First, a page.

On a Clear Day You Can See Forever

Having seen the lab production of On a Clear Day You Can See Forever at the Vineyard Theatre over the summer, I went into the St James Theatre ready to swoon over the Broadway iteration. And boy, did I.

It began when I took my seat and caught a first glimpse at Tony Award winner Christine Jones’s scenic design. (Most the design team, including Jones and lighting designer Kevin Adams, have worked with director Michael Mayer on either Spring Awakening or American Idiot, or both.) Just by looking at the “curtain,” I knew this was a great design. It’s total 70s, op-art, meant to be trippy and maybe a bit disorienting. (This is perfect for a show about hypnosis and regressions.) Once the show began, I could see that Adams’s lighting design so perfectly complemented the scenic design. The psychedelic colors kept changing and twisting into groovy swirls. Throughout the show, the seamlessly matched designs continue the theme of uncertainty, with the “backdrops” crossing in and out, so nothing was as it seems.

And the swooning continued when the talented cast did their thing. There are wonderful voices singing this lush and lovely score by Burton Lane and Alan Jay Lerner. Director Mayer really knows how to assemble an incredible array of voices.

(Before swooning over the cast, a moment to explain the story: Dr. Mark Bruckner (Harry Connick, Jr.) is a psychiatrist who takes on new patient, David Gamble (David Turner). Gamble wants to quit smoking, so he asks Bruckner to hypnotize him. Bruckner obliges but while Gamble is under hypnosis, Bruckner discovers Melinda (Jessie Mueller), a 40s jazz singer brought out in Gamble’s regression. (The show is set in 1974.) Bruckner starts falling for Melinda, which is confusing for Gamble and his boyfriend, Warren (Drew Gehling). Don’t worry if this sounds confusing to you, too. It’s all very clear in the show. Or, let Michael Mayer explain it: "David falls in love with Mark, a man who's unavailable because he's heterosexual. Mark falls in love with Melinda, but he can't have her because, well, she's dead. Now that's a love triangle!")

David Turner, who was recently seen in Arcadia, is buoyant and endearingly goofy as the highly suggestible Davey Gamble. Featured members Sarah Stiles (as spunky best friend Muriel), Drew Gehling (impressive as the forlorn boyfriend Warren), and ensemble members like the sassy American Idiot alumna Alysha Umpress and the perky Catch Me if You Can alumna Alex Ellis are having a ball bringing this story to life, especially when “On the S.S. Bernard Cohn.”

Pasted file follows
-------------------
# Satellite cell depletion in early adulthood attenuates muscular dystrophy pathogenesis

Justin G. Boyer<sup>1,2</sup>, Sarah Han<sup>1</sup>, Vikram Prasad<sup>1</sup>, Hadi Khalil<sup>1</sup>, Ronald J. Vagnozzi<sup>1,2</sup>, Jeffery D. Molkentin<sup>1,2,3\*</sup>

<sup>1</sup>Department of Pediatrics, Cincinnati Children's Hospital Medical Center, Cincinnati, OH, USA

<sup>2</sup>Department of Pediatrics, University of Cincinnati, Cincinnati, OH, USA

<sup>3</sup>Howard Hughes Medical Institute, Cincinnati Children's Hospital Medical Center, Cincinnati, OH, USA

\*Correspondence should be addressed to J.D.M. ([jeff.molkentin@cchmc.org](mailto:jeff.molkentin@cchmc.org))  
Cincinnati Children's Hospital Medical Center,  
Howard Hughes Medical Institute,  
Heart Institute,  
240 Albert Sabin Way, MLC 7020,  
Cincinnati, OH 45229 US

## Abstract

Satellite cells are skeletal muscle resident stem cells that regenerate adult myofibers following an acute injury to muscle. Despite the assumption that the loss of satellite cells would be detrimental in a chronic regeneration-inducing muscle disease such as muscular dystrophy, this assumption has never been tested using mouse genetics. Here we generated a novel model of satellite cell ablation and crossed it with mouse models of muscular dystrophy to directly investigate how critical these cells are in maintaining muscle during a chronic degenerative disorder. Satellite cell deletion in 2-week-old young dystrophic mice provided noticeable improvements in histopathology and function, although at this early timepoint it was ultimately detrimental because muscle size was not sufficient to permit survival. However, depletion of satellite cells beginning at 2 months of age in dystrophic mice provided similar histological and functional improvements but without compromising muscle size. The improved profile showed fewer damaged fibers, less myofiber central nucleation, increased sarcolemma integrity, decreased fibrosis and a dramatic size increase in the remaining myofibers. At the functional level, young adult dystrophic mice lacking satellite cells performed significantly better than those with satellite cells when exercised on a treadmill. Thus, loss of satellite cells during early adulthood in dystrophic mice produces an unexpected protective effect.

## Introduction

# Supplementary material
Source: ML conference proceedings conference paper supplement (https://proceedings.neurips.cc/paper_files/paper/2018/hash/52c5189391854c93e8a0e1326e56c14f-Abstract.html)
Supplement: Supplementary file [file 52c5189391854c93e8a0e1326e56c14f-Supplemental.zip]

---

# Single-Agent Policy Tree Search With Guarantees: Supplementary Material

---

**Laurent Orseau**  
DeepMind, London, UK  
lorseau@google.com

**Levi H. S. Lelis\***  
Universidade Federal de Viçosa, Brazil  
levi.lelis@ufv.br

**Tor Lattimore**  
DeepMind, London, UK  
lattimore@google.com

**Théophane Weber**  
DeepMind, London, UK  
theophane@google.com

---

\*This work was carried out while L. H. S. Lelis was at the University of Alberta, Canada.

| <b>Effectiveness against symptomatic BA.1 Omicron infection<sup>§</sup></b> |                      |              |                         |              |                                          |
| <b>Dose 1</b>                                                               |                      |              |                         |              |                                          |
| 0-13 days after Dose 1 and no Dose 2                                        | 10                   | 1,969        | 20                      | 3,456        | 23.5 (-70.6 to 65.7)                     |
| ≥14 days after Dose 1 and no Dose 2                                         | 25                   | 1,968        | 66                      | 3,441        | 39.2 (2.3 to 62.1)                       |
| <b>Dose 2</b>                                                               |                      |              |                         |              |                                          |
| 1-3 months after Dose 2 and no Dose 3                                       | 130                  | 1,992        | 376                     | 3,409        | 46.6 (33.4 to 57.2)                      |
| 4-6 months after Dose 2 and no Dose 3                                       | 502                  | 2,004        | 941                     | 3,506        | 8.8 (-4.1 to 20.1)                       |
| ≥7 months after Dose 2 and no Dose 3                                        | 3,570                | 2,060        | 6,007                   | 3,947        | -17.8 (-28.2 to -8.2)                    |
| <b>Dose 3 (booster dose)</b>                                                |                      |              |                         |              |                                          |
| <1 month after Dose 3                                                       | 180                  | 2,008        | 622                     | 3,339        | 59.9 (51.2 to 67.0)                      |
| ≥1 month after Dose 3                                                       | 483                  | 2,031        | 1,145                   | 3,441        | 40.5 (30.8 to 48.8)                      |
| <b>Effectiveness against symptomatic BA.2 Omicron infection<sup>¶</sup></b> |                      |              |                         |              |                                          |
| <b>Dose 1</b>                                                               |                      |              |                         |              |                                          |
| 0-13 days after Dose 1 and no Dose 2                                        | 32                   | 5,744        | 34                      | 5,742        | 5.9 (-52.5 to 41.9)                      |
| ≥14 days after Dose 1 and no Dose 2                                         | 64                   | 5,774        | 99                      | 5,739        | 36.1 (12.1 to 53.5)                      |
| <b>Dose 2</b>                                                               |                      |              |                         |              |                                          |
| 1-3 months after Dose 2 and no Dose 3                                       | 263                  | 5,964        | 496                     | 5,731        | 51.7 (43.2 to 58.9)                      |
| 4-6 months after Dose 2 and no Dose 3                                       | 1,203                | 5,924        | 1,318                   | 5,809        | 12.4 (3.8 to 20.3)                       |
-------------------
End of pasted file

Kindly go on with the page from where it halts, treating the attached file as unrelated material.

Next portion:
Truth be told, I found the weakest link in the cast to be the marquee draw: Harry Connick, Jr. He has a great voice – there’s no denying that. But he was disappointingly and thoroughly uncharismatic on stage. Moreover, he dreadfully lacked chemistry with his co-stars, male and female. While watching him look uncomfortable singing on stage (he appears to need to hold his body in a very specific way in order to get out the right notes), I longed for the smooth charm of Marc Kudisch, who played the role at the Vineyard. I saw On a Clear Day twice in previews and Connick improved slightly. It seems he has the acting part down and he has the singing down; he just can't do them together.

But not to worry, because there is most definitely a swoon-worthy, star-turn performance in this show, and it comes by way of Broadway newcomer Jessie Mueller. Mueller is sultry and smooth and beautiful. Her gorgeous, velvety voice is incredible. In the show, her character talks about finding meaning in the words. Mueller finds meaning the notes. Truly, she’s sensational. The thing that separates her from most of the other female vocalists on the boards these days is soul. Mueller most definitely has it!

And, finally, a great big swoon for visionary director Michael Mayer. Along with book writer Peter Parnell, Mayer re-imagines this nutty tale. In Mayer’s more than capable hands, this is practically a new musical. (Is he worried about what traditionalist might think? Nah. He says, "Since the first time somebody set a Shakespeare play in a period other than 16th-century England, other people's work has been reinterpreted.") Even though the show is set 37 years in the past, with dalliances even farther back in time, this feels totally modern and fresh. Mayer has taken a lovely score, updated the book and created a beautiful musical that had me smiling the entire time.

This is the first must-see musical of the season, a true delight that is not to be missed.

For more information about On a Clear Day You Can See Forever and to purchase tickets, visit onacleardaybroadway.com. (Be sure to check out the "press" section for lots of great bonus material.)

Bonus:

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